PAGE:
Pat: Right.

The Importance of Audit History

Keith: So if I just go back to there. And again, we can look at Audit History here so we can see what's happening with this. Is it being changed? I can see Pat's been busy with this agent over the last few days. So we could see that it's been updated. So again, coming into here, this is all part of the Audit History now. I can see that the monitor Event Frequency was changed from 30 to five seconds and so that starts causing a problem. I know it worked with 30 so I can then just go and change it back. So it gives you the previous record of what was in there as well.

And again, I can just come to here and I can see multiple values have been changed from false to true. So again, if that's starting to cause me problems, I know what the original value was and I can change that back as well. So that's a good way of checking where things are happening. Okay. So we've done the sending of the event monitor. So we've changed a file, we've seen that trigger off. What we didn't show you was from that file, so if I just scroll back to the screen, if I do where it’s used, I can see when that happens. There aren’t actually any dependencies on this but there could have been a dependency. So when that file arrived, then it could've kicked off a job which then ran off so I could've watched that go through.

So if I just come back here, just go back to my job screen, and just scroll back on the page, I have this Restart Antivirus Process. And so if I just edit the job and look at the prerequisites for this job, I can see that this runs off of an Agent Antivirus Occurs. So that's another kind of event monitor that we've got. That's actually going to be a process one.

If I just go back to the events and just get rid of that for a second, and then I've got that process here. So for today, I'm just going to send an agent event. I'm going to make the system think that this has actually occurred. So I'm just going to push that through the system, and then if I just go back to the agent events, you can see that my antivirus event has picked that up. It's picked up the information that I've put into that record. And then from there, I can then now go back and look at my job history. I canceled that in a second, and I can see that this job would’ve run. Is that today?

Pat: It doesn't run very successfully but it does run.

Keith: So we can see that that has actually been triggered off as reactive. And then from there, I can actually just pop in and I could look at the job log, find out what's actually wrong with that job, correct it, and then, if required, I've got that restart option. So rather than having to go run the job again or send the file again, I can just do a restart and that allows the system to see that I've seen the error, I've been reactive, I've then corrected the problem, and I've restarted the process. So it allows you to assist that Audit History which then may keep your people that are monitoring your SLAs happy that you've seen the problem, dealt with the problem, corrected it, and continued. So it's a good way of processing through the system.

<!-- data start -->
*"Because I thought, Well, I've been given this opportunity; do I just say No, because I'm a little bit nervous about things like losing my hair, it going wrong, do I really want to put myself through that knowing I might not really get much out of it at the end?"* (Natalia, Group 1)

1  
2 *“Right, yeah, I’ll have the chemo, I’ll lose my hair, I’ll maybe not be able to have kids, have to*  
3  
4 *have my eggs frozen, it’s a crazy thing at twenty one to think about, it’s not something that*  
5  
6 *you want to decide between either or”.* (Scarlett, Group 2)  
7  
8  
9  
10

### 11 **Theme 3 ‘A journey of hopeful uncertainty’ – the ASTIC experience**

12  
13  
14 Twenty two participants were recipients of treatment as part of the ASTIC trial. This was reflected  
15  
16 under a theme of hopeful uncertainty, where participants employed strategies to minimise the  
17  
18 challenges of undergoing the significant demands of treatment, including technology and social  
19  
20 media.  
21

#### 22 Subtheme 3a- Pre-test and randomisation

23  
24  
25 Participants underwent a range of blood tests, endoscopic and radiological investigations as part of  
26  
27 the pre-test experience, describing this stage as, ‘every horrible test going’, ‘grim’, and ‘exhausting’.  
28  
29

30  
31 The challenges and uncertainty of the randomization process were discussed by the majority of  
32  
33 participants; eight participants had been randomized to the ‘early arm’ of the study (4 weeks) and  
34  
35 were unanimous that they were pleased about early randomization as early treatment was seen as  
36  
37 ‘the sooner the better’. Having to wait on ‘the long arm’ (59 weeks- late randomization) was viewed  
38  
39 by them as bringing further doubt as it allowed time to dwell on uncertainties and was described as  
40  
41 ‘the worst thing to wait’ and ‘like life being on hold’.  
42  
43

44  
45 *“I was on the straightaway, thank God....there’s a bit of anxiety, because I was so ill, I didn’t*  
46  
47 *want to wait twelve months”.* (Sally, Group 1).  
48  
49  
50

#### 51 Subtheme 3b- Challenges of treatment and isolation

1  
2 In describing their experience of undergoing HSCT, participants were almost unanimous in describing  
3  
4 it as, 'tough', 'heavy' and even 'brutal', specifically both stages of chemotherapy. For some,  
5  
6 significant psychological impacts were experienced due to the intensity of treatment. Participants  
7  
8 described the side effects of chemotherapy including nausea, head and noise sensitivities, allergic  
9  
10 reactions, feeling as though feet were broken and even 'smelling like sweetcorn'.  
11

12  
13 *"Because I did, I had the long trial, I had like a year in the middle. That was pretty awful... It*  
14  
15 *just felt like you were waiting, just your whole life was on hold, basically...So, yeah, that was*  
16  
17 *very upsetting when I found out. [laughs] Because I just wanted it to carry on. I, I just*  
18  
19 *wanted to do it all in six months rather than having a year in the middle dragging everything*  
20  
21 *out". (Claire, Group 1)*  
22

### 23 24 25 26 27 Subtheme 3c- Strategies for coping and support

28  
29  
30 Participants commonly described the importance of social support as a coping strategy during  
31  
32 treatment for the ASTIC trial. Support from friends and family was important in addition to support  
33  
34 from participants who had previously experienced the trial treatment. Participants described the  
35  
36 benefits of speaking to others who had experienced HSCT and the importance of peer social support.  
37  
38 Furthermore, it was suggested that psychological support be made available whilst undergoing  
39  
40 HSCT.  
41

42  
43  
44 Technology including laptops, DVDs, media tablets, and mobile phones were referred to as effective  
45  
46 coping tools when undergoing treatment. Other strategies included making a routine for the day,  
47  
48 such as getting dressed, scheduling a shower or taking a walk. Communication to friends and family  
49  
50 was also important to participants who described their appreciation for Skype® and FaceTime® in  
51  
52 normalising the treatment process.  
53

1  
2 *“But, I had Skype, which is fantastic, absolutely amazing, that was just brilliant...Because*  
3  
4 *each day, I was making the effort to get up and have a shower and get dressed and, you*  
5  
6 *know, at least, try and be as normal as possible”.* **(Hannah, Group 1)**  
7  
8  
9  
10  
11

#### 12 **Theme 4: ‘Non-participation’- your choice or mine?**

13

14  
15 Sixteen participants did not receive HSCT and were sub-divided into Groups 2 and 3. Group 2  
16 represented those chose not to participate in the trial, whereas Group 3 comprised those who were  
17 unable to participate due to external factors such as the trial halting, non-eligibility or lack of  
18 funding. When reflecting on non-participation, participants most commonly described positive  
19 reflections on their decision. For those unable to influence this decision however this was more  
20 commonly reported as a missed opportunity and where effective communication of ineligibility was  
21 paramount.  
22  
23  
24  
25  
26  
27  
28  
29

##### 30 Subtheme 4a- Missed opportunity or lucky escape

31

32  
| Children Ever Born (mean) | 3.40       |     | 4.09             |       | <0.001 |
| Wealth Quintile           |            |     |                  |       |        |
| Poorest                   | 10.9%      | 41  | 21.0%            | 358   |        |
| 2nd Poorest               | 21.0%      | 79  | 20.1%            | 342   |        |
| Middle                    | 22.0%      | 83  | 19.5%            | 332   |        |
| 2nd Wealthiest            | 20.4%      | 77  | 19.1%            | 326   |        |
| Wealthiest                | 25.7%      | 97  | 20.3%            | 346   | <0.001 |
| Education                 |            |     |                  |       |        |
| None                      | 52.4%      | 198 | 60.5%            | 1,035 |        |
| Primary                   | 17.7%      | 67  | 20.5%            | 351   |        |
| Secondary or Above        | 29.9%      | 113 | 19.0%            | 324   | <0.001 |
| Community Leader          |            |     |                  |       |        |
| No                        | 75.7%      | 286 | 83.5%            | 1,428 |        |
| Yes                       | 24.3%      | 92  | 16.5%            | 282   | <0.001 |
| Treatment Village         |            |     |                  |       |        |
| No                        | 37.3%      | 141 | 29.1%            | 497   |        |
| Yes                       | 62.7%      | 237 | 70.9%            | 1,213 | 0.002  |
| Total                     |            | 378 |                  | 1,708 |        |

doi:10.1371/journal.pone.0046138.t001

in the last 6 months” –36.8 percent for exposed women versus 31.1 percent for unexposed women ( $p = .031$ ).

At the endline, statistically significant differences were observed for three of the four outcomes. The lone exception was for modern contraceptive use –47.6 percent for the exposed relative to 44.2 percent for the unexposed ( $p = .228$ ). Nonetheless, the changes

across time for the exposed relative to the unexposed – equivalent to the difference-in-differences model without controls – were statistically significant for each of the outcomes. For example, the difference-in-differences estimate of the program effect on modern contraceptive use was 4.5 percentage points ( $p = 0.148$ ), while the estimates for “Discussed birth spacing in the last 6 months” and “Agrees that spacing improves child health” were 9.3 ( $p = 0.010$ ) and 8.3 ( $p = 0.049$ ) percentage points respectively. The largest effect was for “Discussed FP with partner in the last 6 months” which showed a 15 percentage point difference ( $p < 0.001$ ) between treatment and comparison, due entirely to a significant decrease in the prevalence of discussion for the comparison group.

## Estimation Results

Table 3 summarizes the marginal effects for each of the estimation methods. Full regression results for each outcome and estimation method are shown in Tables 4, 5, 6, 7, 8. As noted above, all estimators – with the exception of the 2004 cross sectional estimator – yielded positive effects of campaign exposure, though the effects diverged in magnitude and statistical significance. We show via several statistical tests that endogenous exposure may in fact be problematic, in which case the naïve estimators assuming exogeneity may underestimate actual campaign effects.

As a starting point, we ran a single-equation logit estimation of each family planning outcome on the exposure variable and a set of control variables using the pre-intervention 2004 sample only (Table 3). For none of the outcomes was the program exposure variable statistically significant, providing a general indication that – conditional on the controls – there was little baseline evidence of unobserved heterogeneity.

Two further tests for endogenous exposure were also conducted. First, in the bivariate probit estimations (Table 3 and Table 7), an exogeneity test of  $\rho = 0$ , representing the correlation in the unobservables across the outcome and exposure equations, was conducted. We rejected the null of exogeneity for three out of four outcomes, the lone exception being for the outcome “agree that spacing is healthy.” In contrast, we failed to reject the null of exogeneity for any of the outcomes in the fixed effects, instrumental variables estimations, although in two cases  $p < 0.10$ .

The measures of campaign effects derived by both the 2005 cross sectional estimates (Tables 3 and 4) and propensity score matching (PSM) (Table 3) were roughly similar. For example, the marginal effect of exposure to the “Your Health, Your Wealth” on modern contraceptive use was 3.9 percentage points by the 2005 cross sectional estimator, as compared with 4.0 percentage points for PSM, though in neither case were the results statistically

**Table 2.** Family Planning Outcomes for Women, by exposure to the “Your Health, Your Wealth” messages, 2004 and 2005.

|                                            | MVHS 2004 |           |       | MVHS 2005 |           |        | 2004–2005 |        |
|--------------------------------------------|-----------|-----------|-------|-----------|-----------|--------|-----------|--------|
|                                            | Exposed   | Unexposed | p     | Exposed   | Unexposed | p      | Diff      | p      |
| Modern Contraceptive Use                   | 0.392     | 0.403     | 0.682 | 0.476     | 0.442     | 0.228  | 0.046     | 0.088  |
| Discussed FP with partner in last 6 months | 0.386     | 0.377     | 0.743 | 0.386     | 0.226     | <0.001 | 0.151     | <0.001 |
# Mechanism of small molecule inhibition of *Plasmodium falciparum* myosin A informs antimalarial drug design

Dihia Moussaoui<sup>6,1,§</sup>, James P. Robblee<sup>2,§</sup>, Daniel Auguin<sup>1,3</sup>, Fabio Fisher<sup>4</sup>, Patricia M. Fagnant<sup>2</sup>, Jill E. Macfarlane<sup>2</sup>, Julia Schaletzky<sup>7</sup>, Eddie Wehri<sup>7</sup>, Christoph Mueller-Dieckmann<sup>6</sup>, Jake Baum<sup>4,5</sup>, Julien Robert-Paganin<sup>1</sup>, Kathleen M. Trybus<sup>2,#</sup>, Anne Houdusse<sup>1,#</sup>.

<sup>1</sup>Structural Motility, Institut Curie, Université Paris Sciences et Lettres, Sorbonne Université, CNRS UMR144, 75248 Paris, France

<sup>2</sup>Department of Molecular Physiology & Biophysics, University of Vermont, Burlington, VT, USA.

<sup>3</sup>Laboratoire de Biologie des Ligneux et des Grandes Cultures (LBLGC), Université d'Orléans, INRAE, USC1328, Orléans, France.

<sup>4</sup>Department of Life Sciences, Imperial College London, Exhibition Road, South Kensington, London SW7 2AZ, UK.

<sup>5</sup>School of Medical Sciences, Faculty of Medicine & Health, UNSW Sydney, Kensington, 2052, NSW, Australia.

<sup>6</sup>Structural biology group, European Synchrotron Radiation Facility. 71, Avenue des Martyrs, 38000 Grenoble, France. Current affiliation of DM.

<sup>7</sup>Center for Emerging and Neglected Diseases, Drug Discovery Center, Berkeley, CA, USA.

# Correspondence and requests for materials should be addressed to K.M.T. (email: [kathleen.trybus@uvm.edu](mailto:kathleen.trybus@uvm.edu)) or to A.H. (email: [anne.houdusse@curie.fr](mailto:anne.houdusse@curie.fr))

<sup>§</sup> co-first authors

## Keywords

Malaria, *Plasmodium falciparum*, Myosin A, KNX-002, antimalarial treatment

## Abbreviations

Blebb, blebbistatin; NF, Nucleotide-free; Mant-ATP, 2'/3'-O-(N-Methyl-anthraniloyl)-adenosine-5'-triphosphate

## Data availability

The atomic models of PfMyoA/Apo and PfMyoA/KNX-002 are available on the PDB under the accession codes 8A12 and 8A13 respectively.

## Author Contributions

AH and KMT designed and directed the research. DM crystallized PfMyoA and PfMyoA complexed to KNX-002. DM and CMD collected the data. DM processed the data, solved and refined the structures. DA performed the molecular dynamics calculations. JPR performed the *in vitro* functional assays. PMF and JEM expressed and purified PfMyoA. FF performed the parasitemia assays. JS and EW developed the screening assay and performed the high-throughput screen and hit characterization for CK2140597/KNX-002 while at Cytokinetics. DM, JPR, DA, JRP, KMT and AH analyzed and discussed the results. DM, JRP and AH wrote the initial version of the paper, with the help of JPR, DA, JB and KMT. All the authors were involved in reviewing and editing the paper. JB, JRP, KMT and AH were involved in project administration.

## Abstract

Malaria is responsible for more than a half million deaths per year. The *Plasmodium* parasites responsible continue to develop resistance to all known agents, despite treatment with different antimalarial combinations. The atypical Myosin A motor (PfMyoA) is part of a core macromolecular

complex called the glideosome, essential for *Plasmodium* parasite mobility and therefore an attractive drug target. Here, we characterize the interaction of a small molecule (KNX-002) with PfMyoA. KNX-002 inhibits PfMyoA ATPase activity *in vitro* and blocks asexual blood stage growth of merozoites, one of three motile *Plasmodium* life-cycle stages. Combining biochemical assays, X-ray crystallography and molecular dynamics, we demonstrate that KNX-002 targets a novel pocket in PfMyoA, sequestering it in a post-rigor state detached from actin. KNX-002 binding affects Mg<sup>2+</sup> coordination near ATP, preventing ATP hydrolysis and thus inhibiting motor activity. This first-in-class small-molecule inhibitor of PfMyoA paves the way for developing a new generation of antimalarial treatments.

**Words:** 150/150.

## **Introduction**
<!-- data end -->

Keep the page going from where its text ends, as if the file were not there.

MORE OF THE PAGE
Pat: Right, it's great to have that history track.

Keith: Okay. So say within here, we've got all the history, and you could see in here we've got all of the event data, what the event type is, whether there's any notes that could be outside of the time range. So even if a process happens outside of its time range, we can still tell you that that happened. But we won't actually kick off the job afterwards because we were outside of that time range. But we do still track to show you that something happened because that allows you then to be able to edit your time range because you know that that's now going to happen a bit later and then capture that instance occurring.

The Value of Skybot's Reporting

Okay. The other good things we’ve got is we can do a number of reports. So from the reports, we've got a good morning report if you need to know what's happened over, for instance, the last 24 hours on your system. Then we can have that in an email on your desk first thing in the morning. So again, rather you have to come to log on to the system, we can tell you all about that information. It's in your email, reading it. If you're on the bus coming to work, you can read it on the bus. If you're in the car, we don't advise you reading it in the car.

Pat: Please don't read it in the car.

Keith: You can have it for when you get to work. I just have to play safe. You know what some people are like these days. So what I've got is I've actually ran a copy of this report earlier today. So we can see that I'm running this from 9 o'clock in the morning on the 24th up until 9 o'clock on the 25th. So what this report shows me is it gives me a quick overview like the home screen. So my Skybot Scheduler is running. I've got 12 agents offline so that would be something that I would need to look into.